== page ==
Don’t think about it, Jane. Don’t remember or you’ll make it worse.
It’s not apparent at first glance, but Alex is kind of a big deal. He started developing gaming apps as a teenager and made his first million just this past year.
About six months ago, he hired Blue Wave to help him market his newest releases. I was on his team initially, but then, of course, I screwed it up and was transferred off his team two months ago. Since then, I only see him when he stops by the office for meetings or to drop things off or whatever business he has now.
It’s for the best, really. If I don’t see him every day, then I can’t waste my time imagining running my hands through his shaggy hair, which is eternally a week away from needing a haircut. I also can’t think about what it would be like to bite that spot at the side of his jaw, just under his ear, or what his perfectly symmetrical lips would feel like against mine.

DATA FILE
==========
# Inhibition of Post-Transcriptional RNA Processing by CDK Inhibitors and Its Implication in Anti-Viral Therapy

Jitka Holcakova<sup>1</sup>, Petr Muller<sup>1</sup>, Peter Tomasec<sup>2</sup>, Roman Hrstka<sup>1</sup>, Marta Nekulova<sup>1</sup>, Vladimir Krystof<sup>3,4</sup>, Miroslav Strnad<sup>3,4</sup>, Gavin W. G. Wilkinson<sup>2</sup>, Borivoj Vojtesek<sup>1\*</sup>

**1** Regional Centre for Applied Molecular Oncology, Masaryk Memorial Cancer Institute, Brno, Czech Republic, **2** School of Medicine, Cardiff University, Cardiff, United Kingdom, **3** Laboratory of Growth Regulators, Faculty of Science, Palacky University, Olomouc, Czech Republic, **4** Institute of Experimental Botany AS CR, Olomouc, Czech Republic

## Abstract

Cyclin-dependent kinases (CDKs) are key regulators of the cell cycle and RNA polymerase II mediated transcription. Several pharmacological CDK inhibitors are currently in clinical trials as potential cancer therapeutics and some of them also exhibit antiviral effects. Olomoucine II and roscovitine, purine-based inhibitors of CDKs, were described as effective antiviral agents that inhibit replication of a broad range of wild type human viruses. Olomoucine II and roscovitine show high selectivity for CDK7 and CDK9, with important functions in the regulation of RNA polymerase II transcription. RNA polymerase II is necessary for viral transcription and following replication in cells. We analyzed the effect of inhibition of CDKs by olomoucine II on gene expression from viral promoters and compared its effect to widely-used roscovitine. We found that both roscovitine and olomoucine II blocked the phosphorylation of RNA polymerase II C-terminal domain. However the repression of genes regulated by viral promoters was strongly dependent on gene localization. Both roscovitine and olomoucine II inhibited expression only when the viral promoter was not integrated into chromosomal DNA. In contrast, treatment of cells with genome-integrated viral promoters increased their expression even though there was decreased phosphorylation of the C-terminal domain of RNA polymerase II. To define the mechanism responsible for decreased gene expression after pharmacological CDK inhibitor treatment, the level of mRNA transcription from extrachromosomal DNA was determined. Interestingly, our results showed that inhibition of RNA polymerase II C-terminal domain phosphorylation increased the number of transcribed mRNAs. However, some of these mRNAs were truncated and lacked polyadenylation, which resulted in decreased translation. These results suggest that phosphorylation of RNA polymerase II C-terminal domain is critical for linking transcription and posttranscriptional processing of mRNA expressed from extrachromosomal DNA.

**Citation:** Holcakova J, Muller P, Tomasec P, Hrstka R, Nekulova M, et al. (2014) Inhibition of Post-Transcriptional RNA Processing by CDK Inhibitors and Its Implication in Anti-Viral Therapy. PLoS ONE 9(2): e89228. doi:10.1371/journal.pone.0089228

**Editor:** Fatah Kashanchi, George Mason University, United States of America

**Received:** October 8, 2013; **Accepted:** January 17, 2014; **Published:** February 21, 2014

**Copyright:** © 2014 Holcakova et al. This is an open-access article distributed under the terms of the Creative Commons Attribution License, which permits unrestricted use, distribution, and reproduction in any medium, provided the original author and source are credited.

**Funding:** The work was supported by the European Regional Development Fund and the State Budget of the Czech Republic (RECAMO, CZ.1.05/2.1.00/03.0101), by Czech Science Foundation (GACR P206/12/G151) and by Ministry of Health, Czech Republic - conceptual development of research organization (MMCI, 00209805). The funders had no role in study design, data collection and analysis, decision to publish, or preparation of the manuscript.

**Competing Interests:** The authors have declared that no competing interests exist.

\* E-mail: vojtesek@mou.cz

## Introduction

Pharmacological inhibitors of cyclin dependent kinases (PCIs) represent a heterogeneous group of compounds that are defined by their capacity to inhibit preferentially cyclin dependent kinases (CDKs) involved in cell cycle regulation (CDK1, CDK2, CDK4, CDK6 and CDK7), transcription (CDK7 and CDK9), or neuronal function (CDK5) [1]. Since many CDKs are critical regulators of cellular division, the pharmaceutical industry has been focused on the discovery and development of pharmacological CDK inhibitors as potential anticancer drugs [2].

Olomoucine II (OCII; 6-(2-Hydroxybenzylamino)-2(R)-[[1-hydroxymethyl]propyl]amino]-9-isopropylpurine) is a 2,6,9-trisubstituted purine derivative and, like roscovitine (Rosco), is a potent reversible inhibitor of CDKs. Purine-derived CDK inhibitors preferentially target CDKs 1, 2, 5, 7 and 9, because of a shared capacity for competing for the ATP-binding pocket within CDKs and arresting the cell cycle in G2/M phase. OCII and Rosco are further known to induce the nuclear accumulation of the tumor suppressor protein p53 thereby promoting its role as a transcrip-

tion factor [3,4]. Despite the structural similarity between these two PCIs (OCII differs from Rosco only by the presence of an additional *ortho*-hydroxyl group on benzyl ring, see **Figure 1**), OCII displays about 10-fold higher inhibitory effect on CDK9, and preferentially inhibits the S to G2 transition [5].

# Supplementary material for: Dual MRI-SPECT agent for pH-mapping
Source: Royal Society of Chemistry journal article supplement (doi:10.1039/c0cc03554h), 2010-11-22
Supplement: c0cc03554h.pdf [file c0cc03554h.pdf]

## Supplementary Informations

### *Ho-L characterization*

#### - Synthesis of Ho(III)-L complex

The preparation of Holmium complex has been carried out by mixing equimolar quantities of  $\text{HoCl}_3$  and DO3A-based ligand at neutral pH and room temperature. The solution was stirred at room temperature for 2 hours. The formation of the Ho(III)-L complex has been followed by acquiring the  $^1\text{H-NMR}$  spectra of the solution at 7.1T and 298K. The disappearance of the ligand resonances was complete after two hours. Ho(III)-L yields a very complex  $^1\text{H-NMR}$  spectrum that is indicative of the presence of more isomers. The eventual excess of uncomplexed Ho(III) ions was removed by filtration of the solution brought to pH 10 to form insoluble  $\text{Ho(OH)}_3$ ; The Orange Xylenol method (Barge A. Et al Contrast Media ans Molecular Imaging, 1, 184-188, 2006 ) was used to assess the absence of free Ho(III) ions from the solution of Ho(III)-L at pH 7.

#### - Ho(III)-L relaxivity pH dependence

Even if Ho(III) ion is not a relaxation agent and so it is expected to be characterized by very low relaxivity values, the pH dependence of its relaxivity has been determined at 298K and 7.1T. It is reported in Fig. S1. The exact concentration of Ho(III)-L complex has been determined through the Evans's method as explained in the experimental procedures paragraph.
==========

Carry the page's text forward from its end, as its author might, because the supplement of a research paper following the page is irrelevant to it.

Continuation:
Nope. Can’t spend time on any of that, because it’s like wishing on a star, or buying a lotto ticket, or forwarding a chain email to obtain true happiness. Nice in theory, but impossible in reality.
“I get it, I’m damaged goods,” he says with a grin.
I chuckle and try to rein in my galloping heart rate. “Yeah, you’re a hot mess.” I wave a hand. “I-I’m kidding. I’m just giving you a hard-on.” The world freezes to a halt.
Our eyes lock.
His brows lift.
I replay the words in my head. Nope. “Hard time!” And now I’m yelling at him. “Hard time. Not hard-on.” The heat in my face is an inferno. A volcano. My head might erupt.